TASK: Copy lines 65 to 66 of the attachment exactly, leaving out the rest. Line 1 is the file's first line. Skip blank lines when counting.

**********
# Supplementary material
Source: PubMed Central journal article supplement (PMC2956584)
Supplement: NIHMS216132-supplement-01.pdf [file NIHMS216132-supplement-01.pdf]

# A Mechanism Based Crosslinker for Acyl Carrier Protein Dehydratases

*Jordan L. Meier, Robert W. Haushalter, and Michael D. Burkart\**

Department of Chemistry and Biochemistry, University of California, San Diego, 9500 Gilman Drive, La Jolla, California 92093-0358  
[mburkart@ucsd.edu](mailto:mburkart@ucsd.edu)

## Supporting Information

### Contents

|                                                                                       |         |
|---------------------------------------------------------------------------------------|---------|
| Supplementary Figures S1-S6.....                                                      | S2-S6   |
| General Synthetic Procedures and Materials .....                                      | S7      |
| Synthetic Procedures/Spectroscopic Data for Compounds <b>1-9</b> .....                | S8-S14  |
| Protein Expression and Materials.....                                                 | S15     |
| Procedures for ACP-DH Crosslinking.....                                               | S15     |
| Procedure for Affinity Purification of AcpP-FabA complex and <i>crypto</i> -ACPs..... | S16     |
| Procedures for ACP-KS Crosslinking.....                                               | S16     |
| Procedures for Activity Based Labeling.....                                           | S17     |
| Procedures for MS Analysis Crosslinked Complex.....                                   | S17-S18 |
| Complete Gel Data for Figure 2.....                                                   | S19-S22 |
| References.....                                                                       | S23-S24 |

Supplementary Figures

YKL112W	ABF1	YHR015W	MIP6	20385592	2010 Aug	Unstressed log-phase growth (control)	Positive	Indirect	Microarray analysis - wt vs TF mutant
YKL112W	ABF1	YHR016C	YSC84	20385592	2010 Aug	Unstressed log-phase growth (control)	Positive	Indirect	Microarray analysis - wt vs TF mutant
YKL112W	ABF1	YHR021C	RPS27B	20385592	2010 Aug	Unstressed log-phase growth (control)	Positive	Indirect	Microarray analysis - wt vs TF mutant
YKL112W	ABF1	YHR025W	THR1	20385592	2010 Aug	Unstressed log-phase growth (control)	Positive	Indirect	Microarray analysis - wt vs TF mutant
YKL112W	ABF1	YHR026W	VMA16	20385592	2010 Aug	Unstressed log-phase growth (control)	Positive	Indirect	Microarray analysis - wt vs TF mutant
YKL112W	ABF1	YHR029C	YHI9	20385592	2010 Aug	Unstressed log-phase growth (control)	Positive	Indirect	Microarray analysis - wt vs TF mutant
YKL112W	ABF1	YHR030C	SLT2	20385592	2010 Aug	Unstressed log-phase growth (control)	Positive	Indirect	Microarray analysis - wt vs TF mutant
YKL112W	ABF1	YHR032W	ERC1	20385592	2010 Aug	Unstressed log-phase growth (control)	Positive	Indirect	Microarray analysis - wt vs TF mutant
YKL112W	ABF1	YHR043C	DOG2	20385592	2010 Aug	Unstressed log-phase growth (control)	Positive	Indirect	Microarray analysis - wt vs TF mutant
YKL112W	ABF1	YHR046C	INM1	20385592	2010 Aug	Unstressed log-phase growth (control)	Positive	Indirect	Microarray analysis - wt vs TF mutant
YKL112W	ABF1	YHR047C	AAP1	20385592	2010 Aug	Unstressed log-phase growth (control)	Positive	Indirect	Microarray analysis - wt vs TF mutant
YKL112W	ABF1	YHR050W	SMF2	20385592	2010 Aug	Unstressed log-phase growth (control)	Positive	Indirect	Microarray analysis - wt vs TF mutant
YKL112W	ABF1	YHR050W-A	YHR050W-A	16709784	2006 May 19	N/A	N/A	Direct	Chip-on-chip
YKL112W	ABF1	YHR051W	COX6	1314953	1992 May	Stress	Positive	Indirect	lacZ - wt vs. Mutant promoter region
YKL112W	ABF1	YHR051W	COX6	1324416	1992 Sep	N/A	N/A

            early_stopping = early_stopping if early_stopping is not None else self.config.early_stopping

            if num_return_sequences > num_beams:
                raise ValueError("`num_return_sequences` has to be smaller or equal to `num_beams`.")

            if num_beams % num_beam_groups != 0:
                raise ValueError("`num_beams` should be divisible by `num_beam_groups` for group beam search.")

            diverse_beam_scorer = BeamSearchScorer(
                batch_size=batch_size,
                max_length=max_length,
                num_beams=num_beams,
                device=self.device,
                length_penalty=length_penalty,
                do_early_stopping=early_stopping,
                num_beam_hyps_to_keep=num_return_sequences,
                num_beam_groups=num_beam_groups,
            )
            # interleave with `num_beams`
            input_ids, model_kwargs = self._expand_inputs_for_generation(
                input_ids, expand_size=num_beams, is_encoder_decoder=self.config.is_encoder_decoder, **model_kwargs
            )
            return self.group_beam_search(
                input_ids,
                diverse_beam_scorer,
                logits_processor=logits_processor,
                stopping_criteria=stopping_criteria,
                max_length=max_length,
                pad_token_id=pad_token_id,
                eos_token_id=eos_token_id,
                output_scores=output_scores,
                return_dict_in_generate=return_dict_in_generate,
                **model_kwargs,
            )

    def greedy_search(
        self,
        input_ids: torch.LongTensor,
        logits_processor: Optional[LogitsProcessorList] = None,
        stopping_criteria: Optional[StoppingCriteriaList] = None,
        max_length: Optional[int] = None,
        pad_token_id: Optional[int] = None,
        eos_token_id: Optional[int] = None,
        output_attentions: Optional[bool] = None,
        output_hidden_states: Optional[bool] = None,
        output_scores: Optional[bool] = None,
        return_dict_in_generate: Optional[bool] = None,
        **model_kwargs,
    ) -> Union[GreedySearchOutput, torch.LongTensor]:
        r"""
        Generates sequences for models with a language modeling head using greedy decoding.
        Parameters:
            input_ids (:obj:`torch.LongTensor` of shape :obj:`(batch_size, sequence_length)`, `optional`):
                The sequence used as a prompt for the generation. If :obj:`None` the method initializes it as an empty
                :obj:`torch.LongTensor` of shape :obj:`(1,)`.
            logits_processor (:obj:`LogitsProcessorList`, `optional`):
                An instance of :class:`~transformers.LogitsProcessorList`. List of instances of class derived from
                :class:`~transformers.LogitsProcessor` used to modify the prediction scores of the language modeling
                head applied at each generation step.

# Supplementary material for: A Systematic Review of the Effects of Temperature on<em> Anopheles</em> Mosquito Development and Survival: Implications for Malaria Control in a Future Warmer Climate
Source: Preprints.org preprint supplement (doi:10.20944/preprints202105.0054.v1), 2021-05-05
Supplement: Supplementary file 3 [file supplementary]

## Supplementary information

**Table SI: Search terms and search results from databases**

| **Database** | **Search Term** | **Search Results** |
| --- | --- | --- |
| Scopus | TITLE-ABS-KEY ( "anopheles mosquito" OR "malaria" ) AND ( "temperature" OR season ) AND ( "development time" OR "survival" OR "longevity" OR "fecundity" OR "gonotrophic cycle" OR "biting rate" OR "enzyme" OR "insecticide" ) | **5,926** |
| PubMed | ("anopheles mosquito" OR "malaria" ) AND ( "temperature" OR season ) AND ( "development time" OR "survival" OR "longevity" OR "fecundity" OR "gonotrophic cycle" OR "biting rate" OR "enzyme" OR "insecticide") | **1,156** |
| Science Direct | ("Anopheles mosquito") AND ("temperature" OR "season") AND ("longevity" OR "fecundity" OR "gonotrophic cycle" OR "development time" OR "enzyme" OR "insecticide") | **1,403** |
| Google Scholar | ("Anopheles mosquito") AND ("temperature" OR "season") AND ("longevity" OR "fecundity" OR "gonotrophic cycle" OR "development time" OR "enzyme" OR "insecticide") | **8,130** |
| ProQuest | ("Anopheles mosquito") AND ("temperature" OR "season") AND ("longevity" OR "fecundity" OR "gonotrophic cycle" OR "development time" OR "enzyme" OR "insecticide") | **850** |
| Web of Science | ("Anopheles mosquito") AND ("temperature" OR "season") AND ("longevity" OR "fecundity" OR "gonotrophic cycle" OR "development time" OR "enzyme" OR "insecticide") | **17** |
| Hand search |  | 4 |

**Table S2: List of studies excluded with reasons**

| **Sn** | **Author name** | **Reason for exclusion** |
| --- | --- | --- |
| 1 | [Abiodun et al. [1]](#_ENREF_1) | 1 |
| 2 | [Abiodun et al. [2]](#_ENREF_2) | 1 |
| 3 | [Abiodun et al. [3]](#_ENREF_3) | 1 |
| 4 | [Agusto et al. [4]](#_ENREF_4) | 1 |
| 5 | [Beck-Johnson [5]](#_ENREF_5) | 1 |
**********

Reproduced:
                eos_token_id=eos_token_id,
                output_scores=output_scores,